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Saturday, 20 September 2014 00:00
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New maturity in India-China relations

Prime minister Narendra Modi did well to bring up the issue of Chinese incursions across the Line of Actual Control, along with the issue of stapled visas, in his bilateral dialogue with Chinese President Xi Jinping—the day before, while returning from Vietnam, President Pranab Mukherjee pointed out that the oil blocks offered to OVL, blocks the Chinese government have been objecting to, were well within the territorial limits of Vietnam. The decision to raise the issues, and the Chinese assurance that a solution would be found, are important for two reasons. For one, it confirmed that it is possible to do business amidst all the tension between the two countries—though significantly less than the $100 billion investment talked of earlier, Xi’s delegation has made significant investment promises. Two, it proved that, amidst the hoopla over the new-found camaraderie, it is possible to raise issues relating to national security. It is a maturity which also needs to be brought to bear on relations with Pakistan though, it has to be conceded, keeping relations alive is a two-way street and it is easier with China which has a lot to offer India by way of both investments as well as technology.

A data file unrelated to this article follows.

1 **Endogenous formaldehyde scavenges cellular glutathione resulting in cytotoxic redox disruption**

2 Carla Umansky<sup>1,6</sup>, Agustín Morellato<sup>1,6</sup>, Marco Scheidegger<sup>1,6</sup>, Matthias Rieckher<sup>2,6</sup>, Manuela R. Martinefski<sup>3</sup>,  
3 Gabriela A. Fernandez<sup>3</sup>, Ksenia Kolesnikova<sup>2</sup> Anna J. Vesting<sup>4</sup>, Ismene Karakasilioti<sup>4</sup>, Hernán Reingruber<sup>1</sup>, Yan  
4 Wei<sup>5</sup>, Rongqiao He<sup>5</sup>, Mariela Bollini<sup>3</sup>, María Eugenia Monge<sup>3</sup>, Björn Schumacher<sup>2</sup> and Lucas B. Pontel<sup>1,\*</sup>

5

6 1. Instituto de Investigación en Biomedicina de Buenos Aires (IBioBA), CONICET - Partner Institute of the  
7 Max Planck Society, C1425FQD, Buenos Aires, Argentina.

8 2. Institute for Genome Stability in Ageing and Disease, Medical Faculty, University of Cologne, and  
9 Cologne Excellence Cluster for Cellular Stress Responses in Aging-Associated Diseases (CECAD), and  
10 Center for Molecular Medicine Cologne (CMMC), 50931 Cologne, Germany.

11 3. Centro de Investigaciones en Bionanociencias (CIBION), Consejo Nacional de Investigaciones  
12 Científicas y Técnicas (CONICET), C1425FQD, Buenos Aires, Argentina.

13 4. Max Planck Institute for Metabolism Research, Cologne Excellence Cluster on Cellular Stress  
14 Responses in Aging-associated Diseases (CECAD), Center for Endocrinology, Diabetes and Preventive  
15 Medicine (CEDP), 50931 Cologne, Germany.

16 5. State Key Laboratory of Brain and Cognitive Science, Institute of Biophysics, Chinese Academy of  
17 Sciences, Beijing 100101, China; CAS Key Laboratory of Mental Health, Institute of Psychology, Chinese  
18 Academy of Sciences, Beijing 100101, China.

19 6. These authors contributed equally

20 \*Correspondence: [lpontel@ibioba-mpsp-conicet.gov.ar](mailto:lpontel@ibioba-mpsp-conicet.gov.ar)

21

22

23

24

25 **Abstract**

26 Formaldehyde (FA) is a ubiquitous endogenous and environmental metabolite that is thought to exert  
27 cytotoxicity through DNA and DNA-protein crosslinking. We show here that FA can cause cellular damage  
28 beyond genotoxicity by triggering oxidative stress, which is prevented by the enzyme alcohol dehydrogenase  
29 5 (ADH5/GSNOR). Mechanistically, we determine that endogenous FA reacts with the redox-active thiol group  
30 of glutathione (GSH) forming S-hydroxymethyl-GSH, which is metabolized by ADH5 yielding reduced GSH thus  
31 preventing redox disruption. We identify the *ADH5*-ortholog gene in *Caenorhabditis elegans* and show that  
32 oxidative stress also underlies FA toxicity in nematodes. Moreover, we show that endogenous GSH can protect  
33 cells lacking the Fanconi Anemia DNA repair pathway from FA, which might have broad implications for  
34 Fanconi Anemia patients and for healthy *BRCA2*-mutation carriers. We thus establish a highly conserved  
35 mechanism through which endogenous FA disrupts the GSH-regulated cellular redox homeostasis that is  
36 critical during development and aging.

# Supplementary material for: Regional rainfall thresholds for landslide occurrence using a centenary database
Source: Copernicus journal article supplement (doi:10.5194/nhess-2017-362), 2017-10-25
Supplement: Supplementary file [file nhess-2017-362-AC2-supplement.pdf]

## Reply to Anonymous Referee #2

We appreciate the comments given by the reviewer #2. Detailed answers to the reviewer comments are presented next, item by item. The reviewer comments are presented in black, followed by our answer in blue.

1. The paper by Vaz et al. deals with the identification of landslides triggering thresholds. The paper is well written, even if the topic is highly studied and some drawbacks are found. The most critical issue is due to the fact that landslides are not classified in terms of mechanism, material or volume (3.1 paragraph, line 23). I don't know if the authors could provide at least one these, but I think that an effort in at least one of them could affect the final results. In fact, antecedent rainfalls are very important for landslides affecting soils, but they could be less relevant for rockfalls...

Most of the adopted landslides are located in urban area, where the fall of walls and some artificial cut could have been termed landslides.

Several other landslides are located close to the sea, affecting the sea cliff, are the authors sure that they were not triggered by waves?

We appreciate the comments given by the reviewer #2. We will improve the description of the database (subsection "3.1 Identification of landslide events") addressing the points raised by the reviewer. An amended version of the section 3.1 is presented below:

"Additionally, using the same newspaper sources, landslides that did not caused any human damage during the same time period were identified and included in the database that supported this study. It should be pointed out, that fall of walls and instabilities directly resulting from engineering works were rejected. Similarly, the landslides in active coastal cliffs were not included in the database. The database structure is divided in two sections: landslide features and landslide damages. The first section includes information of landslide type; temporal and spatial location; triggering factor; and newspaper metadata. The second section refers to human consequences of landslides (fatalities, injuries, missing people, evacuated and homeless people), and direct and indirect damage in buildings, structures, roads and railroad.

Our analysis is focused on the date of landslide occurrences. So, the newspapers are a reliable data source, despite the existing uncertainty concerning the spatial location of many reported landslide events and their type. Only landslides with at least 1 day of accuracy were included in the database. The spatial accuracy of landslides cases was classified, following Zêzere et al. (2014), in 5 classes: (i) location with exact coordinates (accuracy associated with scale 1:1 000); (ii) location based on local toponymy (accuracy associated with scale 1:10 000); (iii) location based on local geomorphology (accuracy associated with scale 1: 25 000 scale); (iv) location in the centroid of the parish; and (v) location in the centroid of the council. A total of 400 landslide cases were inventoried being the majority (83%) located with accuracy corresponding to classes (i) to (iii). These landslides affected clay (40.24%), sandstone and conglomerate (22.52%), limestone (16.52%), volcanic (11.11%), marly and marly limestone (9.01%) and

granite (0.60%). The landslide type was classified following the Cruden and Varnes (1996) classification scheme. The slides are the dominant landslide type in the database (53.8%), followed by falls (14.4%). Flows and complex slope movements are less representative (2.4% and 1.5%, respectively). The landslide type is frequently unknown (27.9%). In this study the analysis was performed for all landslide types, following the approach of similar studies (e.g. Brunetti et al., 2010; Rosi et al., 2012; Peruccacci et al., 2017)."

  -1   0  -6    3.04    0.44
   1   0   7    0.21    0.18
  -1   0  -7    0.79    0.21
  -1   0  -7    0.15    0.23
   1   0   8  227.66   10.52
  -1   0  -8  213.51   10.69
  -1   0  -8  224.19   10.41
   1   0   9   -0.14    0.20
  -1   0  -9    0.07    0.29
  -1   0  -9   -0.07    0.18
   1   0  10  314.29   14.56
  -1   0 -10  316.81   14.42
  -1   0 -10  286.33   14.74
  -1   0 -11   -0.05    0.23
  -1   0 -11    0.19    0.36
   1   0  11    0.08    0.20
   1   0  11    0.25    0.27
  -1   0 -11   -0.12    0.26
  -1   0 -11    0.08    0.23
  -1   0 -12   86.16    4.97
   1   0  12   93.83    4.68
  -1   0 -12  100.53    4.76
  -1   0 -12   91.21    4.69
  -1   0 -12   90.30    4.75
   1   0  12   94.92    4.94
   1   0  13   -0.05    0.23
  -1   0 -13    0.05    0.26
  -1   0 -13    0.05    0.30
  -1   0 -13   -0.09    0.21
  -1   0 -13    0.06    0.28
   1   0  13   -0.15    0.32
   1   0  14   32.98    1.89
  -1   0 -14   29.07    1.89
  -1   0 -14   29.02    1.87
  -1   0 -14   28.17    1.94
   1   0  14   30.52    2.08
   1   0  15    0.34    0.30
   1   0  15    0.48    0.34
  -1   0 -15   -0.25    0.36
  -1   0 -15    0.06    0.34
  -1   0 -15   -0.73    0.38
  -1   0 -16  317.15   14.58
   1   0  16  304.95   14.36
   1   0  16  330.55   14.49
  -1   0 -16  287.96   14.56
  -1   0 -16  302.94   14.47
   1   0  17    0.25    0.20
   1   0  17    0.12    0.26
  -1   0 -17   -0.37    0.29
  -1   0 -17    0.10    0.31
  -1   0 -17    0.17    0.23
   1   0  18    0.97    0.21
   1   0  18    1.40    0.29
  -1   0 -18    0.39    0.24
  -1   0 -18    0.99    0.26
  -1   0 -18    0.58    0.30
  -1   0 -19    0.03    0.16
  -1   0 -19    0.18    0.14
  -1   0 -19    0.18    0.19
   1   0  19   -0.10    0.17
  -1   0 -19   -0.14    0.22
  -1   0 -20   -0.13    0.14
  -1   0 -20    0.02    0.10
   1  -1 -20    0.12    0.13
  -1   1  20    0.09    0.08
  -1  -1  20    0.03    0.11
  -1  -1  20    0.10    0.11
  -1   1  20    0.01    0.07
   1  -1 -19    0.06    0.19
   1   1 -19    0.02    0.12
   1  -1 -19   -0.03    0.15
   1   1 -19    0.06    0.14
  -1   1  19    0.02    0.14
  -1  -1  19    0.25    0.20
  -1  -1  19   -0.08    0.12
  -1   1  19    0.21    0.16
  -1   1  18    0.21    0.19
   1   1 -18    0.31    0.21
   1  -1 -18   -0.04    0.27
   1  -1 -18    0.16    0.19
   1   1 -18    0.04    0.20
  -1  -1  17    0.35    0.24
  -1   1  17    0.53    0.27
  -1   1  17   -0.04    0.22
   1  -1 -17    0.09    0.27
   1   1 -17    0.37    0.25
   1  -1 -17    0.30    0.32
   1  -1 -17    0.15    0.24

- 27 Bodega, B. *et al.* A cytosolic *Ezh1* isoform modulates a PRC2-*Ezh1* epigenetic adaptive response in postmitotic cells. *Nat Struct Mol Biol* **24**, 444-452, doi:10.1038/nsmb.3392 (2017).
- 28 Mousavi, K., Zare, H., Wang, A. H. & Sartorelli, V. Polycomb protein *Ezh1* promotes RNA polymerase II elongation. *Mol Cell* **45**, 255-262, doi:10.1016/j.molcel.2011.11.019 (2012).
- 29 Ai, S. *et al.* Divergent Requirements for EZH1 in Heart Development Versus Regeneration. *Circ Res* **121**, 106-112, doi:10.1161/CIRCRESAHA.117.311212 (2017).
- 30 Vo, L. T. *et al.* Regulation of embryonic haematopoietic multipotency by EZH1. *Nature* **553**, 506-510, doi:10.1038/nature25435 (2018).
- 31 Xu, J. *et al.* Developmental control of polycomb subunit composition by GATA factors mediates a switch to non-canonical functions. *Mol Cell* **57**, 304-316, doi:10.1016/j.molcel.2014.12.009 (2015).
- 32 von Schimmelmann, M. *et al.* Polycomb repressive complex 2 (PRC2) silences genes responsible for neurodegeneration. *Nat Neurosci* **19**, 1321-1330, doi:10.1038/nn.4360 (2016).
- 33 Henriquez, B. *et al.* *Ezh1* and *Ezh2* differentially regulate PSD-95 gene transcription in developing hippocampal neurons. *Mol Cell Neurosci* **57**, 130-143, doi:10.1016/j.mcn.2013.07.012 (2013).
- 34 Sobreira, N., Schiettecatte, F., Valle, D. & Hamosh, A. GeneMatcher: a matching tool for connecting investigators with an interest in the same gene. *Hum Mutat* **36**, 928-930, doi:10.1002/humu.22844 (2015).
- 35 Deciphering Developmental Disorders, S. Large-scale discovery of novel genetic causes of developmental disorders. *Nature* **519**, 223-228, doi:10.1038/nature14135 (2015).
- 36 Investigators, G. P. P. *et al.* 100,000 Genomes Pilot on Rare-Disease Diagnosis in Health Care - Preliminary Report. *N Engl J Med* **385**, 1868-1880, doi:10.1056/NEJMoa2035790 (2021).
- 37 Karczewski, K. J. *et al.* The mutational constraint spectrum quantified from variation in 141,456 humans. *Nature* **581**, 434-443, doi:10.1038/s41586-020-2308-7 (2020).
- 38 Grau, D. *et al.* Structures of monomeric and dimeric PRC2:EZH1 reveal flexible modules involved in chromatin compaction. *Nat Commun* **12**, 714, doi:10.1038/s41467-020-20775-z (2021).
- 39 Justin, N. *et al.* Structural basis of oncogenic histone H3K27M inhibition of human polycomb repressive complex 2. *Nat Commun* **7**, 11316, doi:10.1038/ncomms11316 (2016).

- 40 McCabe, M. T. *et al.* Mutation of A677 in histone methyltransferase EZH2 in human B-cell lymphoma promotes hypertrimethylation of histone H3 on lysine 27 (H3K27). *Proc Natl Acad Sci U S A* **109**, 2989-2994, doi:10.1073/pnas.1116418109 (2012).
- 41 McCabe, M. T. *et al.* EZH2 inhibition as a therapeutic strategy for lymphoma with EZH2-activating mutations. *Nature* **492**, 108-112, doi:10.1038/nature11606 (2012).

While it is true the $20-odd billion of investments signed are a pittance compared to the $100 billion talked of by Chinese officials earlier, the number will go up significantly once the costs of the industrial parks in Maharashtra and Gujarat are taken into account. Though much of the Indian focus has been on the trade imbalance and its skewed nature—India exports raw materials but imports finished products—China is already a significant player in India’s energy and telecom market. While most mobile phones/parts are imported from China, large Indian power plants, such as those from Reliance Power have been using Chinese equipment which has also been financed from Chinese banks. While Reliance Power is looking to refinance its purchase of JP Associate’s power plants from Chinese banks, China’s EXIM Bank has just signed $2.8 billion worth of refinancing agreements with Indian banks for companies importing goods from China. More than just the funds, it is the promise of how cooperation with China can revitalise the Indian economy. With FDI opened up in the railways sector, China is going to help India increase the speed of several existing railway lines; it seems to be a toss-up right now between whether it will be Japanese or Chinese firms that will bag the bullet train corridors when they finally come up. Chinese investments in railway stations—a potentially huge area of investment – are also expected. Chinese industrial parks are another potential game-changer and, should they take off, will help change the face of manufacturing in India. The key here, of course, will be the necessary change in rules, including in the land acquisition Act and in labour rules, which India makes to be able to absorb not just the Chinese investments but also the Japanese ones promised a few weeks ago.



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